The greater value of human capital over intellectual property (IP) rights owned by universities was mentioned several times. Hermann Hauser was keen to point out that universities main aim should be to provide skilled, talented people and cited graduates’ salaries as being annually around 100 times more lucrative than IP rights.

Others noted that universities do encourage innovation, with the Cambridge Cluster mentioned as a success story. Hermann also pointed out what he saw as one of the downfalls of the Catapults, which were developed on his recommendations from a 2010 report: they don’t have academics as their directors.

What does an innovative business need?

The government have recently released a call for ideas for the National Innovation Plan, and the discussion turned to what innovation policy should look like from a business perspective. Ian asked Elspeth Finch what she valued most when setting up a new business. She pointed to mentoring and good strategic advice as important, if not more so, than access to finance for small businesses.

She stressed the need for innovators and entrepreneurs to understand markets, for the new service or product they are developing, but also more broadly. She noted that researchers sometimes miss the importance of market research when it comes to commercialisation of technology, and that this might go some way to explaining the high failure rate of university spin outs.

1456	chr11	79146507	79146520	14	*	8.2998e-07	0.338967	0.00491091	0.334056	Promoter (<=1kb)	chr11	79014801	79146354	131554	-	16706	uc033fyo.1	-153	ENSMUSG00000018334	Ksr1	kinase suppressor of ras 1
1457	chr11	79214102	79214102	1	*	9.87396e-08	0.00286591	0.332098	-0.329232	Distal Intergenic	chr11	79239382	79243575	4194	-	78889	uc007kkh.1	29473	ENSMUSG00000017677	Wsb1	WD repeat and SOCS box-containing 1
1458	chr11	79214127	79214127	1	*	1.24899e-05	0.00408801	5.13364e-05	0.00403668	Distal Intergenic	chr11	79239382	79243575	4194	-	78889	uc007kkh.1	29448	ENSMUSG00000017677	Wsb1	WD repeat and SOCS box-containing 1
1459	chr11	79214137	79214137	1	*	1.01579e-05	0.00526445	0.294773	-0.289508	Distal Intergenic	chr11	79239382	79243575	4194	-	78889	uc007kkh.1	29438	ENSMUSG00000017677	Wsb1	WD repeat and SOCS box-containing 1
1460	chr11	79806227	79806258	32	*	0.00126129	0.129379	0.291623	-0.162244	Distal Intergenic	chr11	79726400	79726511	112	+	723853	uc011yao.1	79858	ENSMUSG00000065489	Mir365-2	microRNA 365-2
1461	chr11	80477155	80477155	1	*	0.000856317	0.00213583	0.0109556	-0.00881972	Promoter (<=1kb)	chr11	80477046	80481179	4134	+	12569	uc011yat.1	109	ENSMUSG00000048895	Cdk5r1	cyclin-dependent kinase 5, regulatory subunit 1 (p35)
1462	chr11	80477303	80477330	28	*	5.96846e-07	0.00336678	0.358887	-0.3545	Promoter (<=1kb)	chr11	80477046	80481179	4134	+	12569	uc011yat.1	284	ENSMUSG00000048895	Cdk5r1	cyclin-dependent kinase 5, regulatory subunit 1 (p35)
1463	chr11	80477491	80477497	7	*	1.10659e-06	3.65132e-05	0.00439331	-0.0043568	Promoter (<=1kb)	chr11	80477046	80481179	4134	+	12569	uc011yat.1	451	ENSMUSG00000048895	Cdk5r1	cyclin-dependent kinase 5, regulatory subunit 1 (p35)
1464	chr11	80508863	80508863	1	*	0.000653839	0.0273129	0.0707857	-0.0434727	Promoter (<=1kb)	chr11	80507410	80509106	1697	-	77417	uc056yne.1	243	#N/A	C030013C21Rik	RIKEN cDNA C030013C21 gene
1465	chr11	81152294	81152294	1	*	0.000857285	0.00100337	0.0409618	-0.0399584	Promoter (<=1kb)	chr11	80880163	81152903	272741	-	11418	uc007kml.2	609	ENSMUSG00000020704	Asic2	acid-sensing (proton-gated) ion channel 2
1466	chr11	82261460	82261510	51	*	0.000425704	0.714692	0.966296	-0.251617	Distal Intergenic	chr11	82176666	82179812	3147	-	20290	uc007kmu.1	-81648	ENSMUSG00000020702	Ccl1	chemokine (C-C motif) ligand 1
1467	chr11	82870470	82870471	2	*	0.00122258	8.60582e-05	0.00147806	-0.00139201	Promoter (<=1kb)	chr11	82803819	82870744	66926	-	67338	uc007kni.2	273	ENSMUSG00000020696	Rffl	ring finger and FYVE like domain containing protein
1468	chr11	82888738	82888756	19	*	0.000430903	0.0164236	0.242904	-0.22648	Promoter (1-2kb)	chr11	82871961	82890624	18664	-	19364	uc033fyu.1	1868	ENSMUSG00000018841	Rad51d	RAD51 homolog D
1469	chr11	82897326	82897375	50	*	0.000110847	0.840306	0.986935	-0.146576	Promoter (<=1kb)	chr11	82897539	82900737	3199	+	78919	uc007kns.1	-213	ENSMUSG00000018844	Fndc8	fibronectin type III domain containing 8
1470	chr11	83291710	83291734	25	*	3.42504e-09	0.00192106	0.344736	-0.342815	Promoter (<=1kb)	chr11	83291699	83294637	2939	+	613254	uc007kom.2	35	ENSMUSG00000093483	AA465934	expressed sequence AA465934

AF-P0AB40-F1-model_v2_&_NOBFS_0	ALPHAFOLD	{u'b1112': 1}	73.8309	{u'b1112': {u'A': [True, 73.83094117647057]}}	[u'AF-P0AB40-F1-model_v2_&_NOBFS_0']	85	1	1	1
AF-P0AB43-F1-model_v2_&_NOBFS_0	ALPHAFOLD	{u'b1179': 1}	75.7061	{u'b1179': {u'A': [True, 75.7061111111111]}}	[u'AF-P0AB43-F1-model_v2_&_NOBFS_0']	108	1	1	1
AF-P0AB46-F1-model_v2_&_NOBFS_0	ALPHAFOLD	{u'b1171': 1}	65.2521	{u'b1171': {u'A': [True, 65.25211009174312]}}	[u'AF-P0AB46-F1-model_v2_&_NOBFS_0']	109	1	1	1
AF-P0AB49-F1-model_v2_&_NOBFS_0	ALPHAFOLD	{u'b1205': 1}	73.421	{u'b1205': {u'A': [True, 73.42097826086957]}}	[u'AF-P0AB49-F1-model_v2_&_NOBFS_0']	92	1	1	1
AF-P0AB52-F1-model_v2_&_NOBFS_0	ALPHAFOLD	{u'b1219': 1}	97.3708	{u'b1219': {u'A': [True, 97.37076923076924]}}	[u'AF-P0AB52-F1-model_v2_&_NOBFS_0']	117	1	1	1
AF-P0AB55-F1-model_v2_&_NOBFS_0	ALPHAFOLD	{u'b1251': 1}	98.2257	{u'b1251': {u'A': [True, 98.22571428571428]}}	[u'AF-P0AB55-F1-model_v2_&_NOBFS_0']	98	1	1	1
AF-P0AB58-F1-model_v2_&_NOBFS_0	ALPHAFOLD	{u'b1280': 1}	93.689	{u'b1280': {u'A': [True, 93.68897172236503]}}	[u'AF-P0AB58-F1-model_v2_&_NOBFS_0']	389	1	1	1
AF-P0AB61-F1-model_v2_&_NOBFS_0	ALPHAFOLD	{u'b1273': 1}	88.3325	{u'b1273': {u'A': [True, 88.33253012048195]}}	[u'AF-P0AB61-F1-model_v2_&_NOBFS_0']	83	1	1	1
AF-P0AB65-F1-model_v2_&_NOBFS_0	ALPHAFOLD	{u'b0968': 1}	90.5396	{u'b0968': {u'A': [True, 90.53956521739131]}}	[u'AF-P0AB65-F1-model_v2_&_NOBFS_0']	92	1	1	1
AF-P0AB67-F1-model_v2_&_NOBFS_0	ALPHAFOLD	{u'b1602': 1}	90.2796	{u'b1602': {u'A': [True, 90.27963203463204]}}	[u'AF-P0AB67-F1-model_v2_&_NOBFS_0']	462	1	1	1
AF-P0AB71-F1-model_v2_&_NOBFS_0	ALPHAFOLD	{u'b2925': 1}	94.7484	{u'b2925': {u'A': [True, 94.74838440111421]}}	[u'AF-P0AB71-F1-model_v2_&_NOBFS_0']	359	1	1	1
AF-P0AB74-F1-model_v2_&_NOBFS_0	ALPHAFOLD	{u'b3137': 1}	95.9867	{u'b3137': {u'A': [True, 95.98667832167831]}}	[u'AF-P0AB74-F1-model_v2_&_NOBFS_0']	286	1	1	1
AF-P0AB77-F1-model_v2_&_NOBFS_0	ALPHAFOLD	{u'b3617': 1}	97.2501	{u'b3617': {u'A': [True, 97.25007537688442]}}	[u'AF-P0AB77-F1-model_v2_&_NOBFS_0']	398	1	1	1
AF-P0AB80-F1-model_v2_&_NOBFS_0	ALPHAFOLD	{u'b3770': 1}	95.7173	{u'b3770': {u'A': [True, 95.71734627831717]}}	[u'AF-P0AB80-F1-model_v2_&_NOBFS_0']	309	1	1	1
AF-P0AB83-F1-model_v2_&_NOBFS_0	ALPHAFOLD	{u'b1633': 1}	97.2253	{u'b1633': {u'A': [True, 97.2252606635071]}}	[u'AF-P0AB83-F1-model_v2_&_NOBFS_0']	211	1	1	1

Elspeth quoted a recent CB Insights investigation, which found the number one reason for start-up failure was a lack of a market need for the product (42% of cases). Elspeth also pointed to the flourishing creative industries of the UK, calling for their greater inclusion in the design of policy and tools to support innovation and commercialisation of scientific research.


Many different recommendations were made during this discussion, with the panel often disagreeing about what innovation policy should look like; whether it should be more focussed on academia or industry was a recurring point of contention.

However, the varied debate culminated in agreement that successful innovation can come from diverse places from individuals to university-business collaborations or within established industries. Wherever innovation originates, a few key areas of support are usually important for successful commercialisation of technology: above all, market demand, sustained access to finance and good business direction.

Ian closed the event by pointing to the success the UK has already achieved in innovation in a relatively short time frame, reminding the audience that more developed innovation economies such as the USA had around a 50-year head-start in innovation policies.

This was the third in a series of four PolicyLab events hosted by the UK national Academies. The next and final event, UK research and innovation: visions for 2030, will take place on Monday 13 June at the Royal Academy of Engineering.